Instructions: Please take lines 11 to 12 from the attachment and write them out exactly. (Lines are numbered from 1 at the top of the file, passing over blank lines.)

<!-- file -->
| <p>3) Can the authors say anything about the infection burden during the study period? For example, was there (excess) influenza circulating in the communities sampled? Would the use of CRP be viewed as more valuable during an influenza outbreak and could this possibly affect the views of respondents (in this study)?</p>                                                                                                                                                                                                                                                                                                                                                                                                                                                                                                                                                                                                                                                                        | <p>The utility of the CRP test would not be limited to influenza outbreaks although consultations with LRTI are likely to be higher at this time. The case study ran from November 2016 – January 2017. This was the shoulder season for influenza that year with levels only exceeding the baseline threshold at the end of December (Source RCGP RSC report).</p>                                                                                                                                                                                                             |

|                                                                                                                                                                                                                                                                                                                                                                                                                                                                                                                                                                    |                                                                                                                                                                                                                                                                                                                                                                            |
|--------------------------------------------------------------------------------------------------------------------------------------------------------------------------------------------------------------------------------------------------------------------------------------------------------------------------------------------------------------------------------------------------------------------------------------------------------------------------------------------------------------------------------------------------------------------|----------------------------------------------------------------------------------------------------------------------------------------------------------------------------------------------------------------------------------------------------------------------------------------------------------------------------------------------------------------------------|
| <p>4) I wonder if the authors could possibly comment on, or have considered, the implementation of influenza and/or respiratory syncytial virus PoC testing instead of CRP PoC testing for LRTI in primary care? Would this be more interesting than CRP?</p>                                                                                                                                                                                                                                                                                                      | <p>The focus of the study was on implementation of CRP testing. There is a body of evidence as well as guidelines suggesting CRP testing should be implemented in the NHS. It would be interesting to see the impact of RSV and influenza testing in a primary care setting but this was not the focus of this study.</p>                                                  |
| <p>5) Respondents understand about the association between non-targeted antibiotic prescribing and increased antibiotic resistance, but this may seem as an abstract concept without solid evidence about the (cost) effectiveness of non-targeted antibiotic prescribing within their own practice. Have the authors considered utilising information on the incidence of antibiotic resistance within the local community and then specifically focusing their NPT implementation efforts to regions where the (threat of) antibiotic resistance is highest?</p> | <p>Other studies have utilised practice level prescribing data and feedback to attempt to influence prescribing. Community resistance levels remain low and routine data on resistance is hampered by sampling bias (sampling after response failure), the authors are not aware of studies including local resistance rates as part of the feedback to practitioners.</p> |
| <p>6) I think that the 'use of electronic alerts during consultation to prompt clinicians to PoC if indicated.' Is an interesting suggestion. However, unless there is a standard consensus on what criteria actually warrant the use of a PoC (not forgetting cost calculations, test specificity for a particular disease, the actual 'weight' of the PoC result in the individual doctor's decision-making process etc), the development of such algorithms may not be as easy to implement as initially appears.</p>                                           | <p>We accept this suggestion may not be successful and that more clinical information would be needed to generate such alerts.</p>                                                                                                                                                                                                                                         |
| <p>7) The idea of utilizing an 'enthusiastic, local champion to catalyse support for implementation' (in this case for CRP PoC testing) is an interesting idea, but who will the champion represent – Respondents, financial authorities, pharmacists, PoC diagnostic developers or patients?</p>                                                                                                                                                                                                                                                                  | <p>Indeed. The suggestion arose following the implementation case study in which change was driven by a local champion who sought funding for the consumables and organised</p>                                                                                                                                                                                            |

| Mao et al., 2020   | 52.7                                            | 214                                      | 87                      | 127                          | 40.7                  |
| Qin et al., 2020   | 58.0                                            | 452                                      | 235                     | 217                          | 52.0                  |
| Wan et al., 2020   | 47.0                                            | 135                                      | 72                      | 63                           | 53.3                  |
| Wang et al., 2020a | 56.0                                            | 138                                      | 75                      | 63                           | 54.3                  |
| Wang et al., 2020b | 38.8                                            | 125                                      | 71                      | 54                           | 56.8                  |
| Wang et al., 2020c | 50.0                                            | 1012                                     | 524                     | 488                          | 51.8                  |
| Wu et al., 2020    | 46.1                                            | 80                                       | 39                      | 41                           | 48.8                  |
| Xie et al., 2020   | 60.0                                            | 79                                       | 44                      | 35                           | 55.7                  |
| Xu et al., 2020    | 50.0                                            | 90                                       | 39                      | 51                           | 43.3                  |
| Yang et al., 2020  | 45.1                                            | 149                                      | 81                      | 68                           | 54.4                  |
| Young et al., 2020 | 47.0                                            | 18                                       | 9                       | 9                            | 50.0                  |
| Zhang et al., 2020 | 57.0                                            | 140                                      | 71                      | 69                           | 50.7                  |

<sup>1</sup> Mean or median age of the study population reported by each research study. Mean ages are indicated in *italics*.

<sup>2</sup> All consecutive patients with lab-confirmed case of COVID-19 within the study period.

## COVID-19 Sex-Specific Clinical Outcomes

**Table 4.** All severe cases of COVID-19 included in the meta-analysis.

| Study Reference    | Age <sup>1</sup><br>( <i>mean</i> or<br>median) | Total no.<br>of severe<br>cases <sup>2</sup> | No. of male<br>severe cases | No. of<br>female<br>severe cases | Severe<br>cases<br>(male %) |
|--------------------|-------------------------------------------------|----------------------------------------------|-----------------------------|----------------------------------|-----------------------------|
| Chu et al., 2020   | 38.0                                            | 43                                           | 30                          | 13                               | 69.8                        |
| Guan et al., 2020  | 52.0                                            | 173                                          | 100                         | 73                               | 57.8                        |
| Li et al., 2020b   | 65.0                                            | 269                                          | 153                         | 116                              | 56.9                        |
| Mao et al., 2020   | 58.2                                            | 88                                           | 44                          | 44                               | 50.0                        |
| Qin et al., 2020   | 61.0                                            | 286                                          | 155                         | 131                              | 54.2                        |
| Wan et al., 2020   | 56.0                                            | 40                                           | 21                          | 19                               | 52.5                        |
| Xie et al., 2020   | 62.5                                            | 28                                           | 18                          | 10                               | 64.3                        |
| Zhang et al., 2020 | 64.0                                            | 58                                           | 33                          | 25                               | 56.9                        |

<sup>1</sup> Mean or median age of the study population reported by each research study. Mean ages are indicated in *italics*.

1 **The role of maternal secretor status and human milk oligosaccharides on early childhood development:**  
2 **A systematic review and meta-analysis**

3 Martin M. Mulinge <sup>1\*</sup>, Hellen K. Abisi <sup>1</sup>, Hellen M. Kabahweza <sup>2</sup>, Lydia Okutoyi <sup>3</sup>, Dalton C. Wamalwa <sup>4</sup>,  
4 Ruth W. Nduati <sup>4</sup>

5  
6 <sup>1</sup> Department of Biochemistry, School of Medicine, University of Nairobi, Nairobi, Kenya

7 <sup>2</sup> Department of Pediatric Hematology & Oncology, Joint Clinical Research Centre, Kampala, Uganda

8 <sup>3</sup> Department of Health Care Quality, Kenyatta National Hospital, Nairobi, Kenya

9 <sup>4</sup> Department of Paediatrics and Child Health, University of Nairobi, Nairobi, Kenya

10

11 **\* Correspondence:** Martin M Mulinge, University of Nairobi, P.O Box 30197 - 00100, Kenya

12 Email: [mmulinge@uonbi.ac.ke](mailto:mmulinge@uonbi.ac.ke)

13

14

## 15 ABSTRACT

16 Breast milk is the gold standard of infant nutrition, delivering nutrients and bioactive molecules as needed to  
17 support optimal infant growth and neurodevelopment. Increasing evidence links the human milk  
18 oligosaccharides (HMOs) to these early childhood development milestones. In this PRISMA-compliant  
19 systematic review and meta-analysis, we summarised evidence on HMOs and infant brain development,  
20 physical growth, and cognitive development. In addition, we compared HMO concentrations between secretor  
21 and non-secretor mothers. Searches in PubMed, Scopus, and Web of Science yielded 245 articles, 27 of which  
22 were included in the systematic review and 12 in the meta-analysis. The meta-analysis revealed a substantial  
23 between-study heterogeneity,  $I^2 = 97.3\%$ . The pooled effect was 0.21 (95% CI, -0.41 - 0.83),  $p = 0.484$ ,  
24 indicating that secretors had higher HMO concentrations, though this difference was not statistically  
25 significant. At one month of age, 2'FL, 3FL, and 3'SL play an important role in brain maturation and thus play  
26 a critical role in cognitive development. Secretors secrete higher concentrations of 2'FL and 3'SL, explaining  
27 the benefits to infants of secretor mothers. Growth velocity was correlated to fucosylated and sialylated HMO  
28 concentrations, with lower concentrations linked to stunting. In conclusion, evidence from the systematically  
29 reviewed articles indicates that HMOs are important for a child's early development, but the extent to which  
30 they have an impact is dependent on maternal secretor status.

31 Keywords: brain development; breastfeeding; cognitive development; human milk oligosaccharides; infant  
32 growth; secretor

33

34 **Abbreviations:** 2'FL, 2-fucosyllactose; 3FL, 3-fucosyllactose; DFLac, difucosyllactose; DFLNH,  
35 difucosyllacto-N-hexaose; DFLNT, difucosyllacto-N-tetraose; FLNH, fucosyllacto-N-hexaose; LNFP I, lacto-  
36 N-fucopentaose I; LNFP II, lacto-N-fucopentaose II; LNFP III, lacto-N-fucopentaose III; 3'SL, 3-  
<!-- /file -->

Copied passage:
| Wang et al., 2020a | 56.0                                            | 138                                      | 75                      | 63                           | 54.3                  |
| Wang et al., 2020b | 38.8                                            | 125                                      | 71                      | 54                           | 56.8                  |